GE Healthcare officially opened Europe’s first 3D printing lab dedicated to medical products in Uppsala, Sweden, today. The Design and Advanced Manufacturing Technology Center breaks down the wall that has traditionally separated the research and development teams behind industry-leading new ideas and the manufacturing teams responsible for realizing those innovations, said a press release from the company.
“We are exploring opportunities where additive manufacturing can bring cost savings and technical improvements to our supply chain and products,” explained Andreas Marcstrom, Manager of Additive Engineering at GE Healthcare’s Uppsala site. “We believe having design and advanced manufacturing expertise together with a range of equipment ‘under one roof’ will make a difference in how quickly we can bring new products to market in the future.”
The center is largely the brainchild of Marcstrom and his colleague Klas Marteleur, Principle Engineer. In June 2016, while working as part of GE Healthcare Life Sciences’ Research and Development team in Uppsala, they began to formulate a new approach to 3D printing in the healthcare industry. Rather than applying the process piecemeal to print surgical models or body parts, they saw an opportunity to expand 3D printing (aka additive manufacturing) into every facet of healthcare. Their concept was to improve the supply chain and product design by bringing together engineers and manufacturers in one collaborative space with an array of tools. That became a reality today.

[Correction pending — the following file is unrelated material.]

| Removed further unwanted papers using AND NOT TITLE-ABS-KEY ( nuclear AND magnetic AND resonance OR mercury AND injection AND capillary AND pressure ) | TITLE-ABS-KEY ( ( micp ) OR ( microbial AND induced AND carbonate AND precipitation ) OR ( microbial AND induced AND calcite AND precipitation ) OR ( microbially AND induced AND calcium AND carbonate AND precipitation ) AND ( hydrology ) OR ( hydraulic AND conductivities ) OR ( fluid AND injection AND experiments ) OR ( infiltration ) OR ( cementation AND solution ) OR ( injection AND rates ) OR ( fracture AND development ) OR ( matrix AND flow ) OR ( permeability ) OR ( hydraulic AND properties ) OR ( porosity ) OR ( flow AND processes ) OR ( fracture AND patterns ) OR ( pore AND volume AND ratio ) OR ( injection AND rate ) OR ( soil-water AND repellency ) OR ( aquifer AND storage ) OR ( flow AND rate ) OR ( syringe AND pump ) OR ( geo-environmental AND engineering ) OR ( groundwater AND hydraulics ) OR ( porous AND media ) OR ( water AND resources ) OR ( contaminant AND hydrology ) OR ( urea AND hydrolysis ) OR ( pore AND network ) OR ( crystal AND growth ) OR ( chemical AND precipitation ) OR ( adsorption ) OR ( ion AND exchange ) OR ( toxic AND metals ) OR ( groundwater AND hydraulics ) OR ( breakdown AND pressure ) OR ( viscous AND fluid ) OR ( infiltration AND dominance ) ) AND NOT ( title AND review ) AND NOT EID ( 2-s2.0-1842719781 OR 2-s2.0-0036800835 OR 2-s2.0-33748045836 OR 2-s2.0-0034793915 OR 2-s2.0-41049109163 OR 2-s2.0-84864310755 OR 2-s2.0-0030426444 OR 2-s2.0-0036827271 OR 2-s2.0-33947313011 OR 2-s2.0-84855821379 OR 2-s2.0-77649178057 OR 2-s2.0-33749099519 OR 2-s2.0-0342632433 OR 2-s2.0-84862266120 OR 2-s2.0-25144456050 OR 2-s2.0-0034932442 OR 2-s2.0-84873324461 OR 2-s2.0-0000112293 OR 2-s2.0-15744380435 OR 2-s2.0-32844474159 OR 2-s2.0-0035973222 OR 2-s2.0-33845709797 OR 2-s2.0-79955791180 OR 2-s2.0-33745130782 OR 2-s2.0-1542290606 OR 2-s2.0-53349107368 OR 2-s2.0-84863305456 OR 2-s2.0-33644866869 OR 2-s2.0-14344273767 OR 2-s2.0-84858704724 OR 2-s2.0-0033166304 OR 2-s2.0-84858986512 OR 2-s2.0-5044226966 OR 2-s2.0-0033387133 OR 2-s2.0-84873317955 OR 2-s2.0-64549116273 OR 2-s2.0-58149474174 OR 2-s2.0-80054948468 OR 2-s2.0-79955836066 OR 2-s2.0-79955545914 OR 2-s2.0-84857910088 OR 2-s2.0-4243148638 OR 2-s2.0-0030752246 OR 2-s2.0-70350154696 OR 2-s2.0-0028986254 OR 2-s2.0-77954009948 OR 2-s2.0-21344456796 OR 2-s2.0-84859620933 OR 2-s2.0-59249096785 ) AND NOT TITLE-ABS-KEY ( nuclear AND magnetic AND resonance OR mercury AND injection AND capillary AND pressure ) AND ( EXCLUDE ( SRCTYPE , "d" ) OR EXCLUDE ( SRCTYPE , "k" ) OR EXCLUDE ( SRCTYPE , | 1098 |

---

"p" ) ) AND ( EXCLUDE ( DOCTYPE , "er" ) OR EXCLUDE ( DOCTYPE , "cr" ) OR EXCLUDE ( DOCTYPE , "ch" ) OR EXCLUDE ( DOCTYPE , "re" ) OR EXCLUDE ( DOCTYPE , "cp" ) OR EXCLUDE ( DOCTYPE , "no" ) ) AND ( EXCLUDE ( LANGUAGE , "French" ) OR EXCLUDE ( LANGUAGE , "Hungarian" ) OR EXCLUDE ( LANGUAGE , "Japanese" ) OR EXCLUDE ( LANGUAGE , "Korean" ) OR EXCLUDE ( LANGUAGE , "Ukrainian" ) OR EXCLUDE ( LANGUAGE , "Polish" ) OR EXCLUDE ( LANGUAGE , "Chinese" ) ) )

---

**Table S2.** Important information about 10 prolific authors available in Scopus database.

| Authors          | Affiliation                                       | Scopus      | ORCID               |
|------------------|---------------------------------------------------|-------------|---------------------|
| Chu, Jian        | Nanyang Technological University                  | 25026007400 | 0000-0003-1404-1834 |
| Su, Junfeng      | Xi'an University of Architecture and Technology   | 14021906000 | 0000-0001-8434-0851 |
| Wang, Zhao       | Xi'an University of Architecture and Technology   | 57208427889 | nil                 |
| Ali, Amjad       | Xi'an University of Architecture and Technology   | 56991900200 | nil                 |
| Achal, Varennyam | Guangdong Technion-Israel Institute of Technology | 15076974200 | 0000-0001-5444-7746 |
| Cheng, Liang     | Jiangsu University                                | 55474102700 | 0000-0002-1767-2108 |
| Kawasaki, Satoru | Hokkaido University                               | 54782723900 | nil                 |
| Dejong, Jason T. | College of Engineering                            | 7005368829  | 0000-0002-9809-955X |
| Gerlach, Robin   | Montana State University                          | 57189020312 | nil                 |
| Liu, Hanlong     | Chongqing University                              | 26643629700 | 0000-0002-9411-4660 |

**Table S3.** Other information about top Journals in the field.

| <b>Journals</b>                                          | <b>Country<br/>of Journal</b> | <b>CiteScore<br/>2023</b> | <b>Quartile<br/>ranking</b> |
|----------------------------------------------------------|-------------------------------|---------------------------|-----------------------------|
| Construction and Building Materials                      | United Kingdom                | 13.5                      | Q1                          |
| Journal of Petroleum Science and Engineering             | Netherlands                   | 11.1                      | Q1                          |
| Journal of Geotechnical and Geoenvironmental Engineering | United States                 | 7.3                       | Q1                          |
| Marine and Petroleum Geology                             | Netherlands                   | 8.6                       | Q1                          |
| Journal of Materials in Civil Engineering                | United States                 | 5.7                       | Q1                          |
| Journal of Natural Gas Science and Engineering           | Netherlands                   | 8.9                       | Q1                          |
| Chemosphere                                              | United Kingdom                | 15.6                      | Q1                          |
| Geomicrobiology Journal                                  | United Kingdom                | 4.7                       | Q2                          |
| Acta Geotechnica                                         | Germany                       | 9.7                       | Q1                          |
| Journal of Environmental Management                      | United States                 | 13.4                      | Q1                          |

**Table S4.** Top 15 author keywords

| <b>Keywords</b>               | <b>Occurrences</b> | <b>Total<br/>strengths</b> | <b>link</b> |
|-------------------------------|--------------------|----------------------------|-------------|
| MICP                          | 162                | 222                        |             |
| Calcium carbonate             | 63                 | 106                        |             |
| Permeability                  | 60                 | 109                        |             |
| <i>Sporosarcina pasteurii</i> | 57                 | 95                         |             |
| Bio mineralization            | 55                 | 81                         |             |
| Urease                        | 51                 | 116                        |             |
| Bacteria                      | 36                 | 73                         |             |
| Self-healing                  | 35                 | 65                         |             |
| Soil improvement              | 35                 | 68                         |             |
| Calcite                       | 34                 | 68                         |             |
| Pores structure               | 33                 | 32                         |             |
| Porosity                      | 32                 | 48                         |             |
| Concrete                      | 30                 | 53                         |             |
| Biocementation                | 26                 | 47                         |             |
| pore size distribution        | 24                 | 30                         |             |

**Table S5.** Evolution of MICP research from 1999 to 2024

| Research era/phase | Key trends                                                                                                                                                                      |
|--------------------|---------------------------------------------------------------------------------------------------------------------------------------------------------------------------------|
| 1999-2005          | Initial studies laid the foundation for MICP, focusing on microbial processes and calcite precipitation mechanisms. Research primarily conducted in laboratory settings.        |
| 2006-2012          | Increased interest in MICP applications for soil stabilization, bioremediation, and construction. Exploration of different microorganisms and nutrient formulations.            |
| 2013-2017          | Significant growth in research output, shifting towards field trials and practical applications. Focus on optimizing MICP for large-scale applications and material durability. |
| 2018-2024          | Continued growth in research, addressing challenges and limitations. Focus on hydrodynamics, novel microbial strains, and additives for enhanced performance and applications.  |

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The team currently is working with biotech company Amgen to test the performance of a chromatography column, which is used to develop biopharmaceuticals, a range of drugs used to treat diseases including cancer and immune disorders. Biopharmaceuticals are the world’s fastest growing class of medicines, according to GE Healthcare, but the development and manufacturing processes are demanding and complicated. The custom 3D-printed column is now being tested to see if it can be used to improve the purification stage of biopharmaceutical production. If it's successful, drugs that are used against some of the deadliest diseases could reach the market and patients faster, said GE Healthcare.
The center combines advanced manufacturing technologies, such as metal and polymer printers and collaborative robots, or “cobots”, with traditional machining equipment. Advanced manufacturing engineers work with R&D teams in Uppsala to ensure additive expertise is available from the start of product design. Teams then design, test and install 3D-printed parts for GE Healthcare products and in collaboration with customers.
“We’re making the impossible, possible,” said Marteleur. “We’re doing it faster, with [fewer] materials, so it’s environmentally friendly, and at a lower cost.”